There is much to celebrate as winter advances into spring, especially at high elevation. Here at St. Anthony, Idaho, the snow is now gone and I watch the budding of shrubbery that surrounds a greening lawn in my back yard.
As in past years, these official indicators of a new season represent more than just warmer temperatures and an increase in daylight hours.
While I have been fishing consistently for nearly a month, most of my time on the water has involved probing the lower Henry’s Fork with streamers and nymphs. There is no complaint with respect to these honorable methods and I enjoy them at any point of the year. But as the days become more comfortable and the variety of aquatic insects expand, so too do the choices that are available.
By April, my dependence upon midges and an occasional showing of Baetis mayflies for an excuse to break out the dry rod becomes somewhat more relaxed. Conditions that permit the emergence of plant life from winter dormancy have a similar effect on water born organisms that average larger than size twenty two. Additionally, receding snow at higher elevation increases the variety of opportunities to fish water different than what I have been dependent upon for the past several weeks.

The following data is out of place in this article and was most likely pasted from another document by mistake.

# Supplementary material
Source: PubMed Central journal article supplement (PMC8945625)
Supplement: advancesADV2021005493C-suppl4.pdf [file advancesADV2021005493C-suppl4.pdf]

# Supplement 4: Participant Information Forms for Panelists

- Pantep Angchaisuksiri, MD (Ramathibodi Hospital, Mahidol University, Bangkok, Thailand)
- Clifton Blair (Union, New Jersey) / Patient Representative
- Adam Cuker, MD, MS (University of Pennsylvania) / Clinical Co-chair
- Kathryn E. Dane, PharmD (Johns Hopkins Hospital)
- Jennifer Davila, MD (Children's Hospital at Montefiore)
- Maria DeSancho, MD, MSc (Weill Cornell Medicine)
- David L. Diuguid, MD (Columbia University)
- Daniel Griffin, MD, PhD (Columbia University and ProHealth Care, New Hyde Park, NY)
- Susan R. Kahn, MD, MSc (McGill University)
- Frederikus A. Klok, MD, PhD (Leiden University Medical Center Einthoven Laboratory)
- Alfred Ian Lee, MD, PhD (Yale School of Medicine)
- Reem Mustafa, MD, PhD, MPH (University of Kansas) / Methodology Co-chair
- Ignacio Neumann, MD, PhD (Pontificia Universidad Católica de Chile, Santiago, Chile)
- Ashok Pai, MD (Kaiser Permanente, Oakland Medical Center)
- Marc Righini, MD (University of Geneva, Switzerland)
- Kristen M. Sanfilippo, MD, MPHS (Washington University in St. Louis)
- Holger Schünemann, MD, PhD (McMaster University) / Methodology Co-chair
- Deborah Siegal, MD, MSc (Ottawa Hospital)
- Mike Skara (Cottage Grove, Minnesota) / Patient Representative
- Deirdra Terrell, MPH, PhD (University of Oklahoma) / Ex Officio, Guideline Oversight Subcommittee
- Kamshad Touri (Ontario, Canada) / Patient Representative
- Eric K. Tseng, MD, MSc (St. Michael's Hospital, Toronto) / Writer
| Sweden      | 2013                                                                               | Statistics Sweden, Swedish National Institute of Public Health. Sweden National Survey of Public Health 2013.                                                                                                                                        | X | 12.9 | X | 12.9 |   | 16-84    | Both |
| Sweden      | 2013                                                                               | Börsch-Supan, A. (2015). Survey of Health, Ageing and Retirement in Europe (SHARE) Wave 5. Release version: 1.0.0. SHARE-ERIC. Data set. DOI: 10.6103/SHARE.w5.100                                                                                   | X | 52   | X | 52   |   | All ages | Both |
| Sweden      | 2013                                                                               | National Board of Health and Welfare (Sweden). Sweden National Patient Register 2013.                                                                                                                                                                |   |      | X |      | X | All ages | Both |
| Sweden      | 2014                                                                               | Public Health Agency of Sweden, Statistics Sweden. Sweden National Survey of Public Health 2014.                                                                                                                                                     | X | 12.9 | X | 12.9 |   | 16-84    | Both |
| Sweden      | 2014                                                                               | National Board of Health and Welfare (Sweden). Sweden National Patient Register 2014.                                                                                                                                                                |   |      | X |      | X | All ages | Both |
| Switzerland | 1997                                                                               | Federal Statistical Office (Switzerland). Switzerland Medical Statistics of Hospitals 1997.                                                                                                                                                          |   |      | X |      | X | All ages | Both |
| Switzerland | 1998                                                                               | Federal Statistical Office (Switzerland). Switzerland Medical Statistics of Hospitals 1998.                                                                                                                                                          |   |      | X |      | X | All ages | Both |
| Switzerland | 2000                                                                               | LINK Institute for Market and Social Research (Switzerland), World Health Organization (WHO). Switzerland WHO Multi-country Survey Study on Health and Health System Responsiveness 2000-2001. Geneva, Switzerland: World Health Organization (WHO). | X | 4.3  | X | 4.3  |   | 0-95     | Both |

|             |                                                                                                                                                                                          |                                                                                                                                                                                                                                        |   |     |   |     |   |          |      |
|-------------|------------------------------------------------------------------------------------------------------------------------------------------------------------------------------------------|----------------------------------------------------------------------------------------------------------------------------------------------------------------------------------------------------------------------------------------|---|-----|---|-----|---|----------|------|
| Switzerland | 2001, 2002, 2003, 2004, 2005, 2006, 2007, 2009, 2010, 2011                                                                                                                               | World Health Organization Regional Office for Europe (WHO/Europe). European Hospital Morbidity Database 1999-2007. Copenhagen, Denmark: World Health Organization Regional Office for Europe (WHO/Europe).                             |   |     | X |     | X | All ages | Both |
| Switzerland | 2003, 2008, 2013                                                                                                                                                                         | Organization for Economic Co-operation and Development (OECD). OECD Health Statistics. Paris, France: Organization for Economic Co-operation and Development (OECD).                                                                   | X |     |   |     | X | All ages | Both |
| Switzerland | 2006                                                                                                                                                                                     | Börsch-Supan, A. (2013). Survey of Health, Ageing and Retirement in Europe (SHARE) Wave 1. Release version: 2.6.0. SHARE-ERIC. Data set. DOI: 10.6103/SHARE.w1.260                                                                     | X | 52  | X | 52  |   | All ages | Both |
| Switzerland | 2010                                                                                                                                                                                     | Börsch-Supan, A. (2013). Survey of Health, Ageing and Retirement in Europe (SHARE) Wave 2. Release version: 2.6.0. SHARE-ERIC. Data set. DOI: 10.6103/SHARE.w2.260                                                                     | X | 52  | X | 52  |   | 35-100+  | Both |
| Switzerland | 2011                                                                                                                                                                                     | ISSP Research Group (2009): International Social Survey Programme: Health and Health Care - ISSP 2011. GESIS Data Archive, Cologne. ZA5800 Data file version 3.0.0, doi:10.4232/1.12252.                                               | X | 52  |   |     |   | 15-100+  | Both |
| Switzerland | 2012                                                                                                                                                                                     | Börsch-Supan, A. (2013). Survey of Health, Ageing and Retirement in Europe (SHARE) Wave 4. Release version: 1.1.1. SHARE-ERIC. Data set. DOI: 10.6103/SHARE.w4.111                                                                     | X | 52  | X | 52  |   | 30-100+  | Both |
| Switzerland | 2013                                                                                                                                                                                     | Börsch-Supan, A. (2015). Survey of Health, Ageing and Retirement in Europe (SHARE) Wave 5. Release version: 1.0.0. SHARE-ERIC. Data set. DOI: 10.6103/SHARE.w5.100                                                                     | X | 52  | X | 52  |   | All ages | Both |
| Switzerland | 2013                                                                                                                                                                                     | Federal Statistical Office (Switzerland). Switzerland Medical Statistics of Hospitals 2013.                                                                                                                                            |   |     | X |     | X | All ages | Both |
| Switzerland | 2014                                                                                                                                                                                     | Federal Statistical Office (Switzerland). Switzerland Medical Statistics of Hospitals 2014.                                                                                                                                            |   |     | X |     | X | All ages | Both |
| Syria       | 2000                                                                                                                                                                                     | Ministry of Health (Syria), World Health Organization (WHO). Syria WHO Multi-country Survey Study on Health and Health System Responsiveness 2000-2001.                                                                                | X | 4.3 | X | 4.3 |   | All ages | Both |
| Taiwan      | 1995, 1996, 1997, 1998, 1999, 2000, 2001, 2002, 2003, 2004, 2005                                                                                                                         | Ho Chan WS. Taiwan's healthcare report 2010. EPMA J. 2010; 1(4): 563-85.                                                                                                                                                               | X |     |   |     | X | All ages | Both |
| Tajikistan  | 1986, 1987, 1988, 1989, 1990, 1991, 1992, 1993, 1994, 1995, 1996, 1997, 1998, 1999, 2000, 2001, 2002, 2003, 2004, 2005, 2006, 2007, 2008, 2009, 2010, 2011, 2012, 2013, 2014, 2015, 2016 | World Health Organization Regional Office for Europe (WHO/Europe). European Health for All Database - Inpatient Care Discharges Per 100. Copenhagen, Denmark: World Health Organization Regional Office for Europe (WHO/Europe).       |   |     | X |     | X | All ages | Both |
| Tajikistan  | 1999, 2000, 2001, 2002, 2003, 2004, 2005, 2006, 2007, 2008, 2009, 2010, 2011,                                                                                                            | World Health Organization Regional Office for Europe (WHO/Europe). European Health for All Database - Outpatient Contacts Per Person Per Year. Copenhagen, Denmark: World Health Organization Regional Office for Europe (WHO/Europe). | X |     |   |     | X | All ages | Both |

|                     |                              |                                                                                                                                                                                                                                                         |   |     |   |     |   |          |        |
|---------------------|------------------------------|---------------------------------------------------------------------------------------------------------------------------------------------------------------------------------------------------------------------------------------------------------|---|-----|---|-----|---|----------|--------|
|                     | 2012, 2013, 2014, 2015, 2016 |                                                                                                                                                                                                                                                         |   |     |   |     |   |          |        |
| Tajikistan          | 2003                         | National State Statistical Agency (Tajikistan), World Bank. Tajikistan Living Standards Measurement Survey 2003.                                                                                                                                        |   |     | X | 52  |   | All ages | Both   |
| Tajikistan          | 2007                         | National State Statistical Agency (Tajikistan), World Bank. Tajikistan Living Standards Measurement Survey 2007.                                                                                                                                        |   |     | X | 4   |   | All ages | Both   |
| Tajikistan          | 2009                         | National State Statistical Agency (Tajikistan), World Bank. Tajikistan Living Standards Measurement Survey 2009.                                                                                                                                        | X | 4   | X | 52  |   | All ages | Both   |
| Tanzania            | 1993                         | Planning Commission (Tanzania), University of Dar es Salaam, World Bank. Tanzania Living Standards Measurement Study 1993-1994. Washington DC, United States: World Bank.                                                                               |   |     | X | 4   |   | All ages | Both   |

Caddis and March Brown mayflies can approach size fourteen, and these are the hatches I anticipate as April progresses along the lower river. While considerably smaller, the reliability and intensity of spring Baetis also increase the likelihood that I will be fishing dry flies on any given day.
Although a drive to Island Park in early April will yield only Baetis action and the likely presence of snow, a return to Last Chance Run always brings additional excitement as the time to be there full time draws near.
Of course, nymphs and streamers will not be forsaken in favor of strictly fishing dry flies because most of the bigger trout will still be found beneath the surface, but in April it will usually be a matter of choice rather than necessity.